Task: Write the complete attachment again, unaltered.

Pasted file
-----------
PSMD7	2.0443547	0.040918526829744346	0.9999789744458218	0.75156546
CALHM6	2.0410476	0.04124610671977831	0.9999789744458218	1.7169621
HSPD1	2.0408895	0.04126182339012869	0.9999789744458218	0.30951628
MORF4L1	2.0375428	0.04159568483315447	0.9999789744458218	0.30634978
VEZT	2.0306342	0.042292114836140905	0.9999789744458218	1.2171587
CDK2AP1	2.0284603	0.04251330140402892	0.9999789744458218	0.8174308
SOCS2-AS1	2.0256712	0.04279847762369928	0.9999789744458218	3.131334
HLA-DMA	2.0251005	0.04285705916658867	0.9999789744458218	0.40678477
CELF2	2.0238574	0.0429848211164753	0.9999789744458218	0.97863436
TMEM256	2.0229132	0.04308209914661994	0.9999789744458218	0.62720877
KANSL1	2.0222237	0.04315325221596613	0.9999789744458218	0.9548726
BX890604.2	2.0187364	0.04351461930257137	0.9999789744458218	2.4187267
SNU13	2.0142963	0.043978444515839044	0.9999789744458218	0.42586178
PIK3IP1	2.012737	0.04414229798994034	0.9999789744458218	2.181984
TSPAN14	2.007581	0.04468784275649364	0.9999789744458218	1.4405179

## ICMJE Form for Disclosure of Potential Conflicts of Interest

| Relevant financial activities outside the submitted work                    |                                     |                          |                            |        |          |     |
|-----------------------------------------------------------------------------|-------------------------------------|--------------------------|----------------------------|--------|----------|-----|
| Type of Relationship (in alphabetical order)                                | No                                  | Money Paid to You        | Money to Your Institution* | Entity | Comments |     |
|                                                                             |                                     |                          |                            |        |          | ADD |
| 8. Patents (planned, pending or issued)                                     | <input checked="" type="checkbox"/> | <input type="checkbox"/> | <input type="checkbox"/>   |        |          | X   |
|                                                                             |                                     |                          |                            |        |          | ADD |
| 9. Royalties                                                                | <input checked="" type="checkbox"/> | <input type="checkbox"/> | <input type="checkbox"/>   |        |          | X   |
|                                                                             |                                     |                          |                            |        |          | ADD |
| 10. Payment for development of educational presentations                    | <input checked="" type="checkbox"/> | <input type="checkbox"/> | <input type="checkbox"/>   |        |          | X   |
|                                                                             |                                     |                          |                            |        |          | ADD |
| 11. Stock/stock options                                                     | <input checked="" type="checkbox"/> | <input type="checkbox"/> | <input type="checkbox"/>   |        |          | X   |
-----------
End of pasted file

PSMD7	2.0443547	0.040918526829744346	0.9999789744458218	0.75156546
CALHM6	2.0410476	0.04124610671977831	0.9999789744458218	1.7169621
HSPD1	2.0408895	0.04126182339012869	0.9999789744458218	0.30951628
MORF4L1	2.0375428	0.04159568483315447	0.9999789744458218	0.30634978
VEZT	2.0306342	0.042292114836140905	0.9999789744458218	1.2171587
CDK2AP1	2.0284603	0.04251330140402892	0.9999789744458218	0.8174308
SOCS2-AS1	2.0256712	0.04279847762369928	0.9999789744458218	3.131334
HLA-DMA	2.0251005	0.04285705916658867	0.9999789744458218	0.40678477
CELF2	2.0238574	0.0429848211164753	0.9999789744458218	0.97863436
TMEM256	2.0229132	0.04308209914661994	0.9999789744458218	0.62720877
KANSL1	2.0222237	0.04315325221596613	0.9999789744458218	0.9548726
BX890604.2	2.0187364	0.04351461930257137	0.9999789744458218	2.4187267
SNU13	2.0142963	0.043978444515839044	0.9999789744458218	0.42586178
PIK3IP1	2.012737	0.04414229798994034	0.9999789744458218	2.181984
TSPAN14	2.007581	0.04468784275649364	0.9999789744458218	1.4405179

## ICMJE Form for Disclosure of Potential Conflicts of Interest

| Relevant financial activities outside the submitted work                    |                                     |                          |                            |        |          |     |
|-----------------------------------------------------------------------------|-------------------------------------|--------------------------|----------------------------|--------|----------|-----|
| Type of Relationship (in alphabetical order)                                | No                                  | Money Paid to You        | Money to Your Institution* | Entity | Comments |     |
|                                                                             |                                     |                          |                            |        |          | ADD |
| 8. Patents (planned, pending or issued)                                     | <input checked="" type="checkbox"/> | <input type="checkbox"/> | <input type="checkbox"/>   |        |          | X   |
|                                                                             |                                     |                          |                            |        |          | ADD |
| 9. Royalties                                                                | <input checked="" type="checkbox"/> | <input type="checkbox"/> | <input type="checkbox"/>   |        |          | X   |
|                                                                             |                                     |                          |                            |        |          | ADD |
| 10. Payment for development of educational presentations                    | <input checked="" type="checkbox"/> | <input type="checkbox"/> | <input type="checkbox"/>   |        |          | X   |
|                                                                             |                                     |                          |                            |        |          | ADD |
| 11. Stock/stock options                                                     | <input checked="" type="checkbox"/> | <input type="checkbox"/> | <input type="checkbox"/>   |        |          | X   |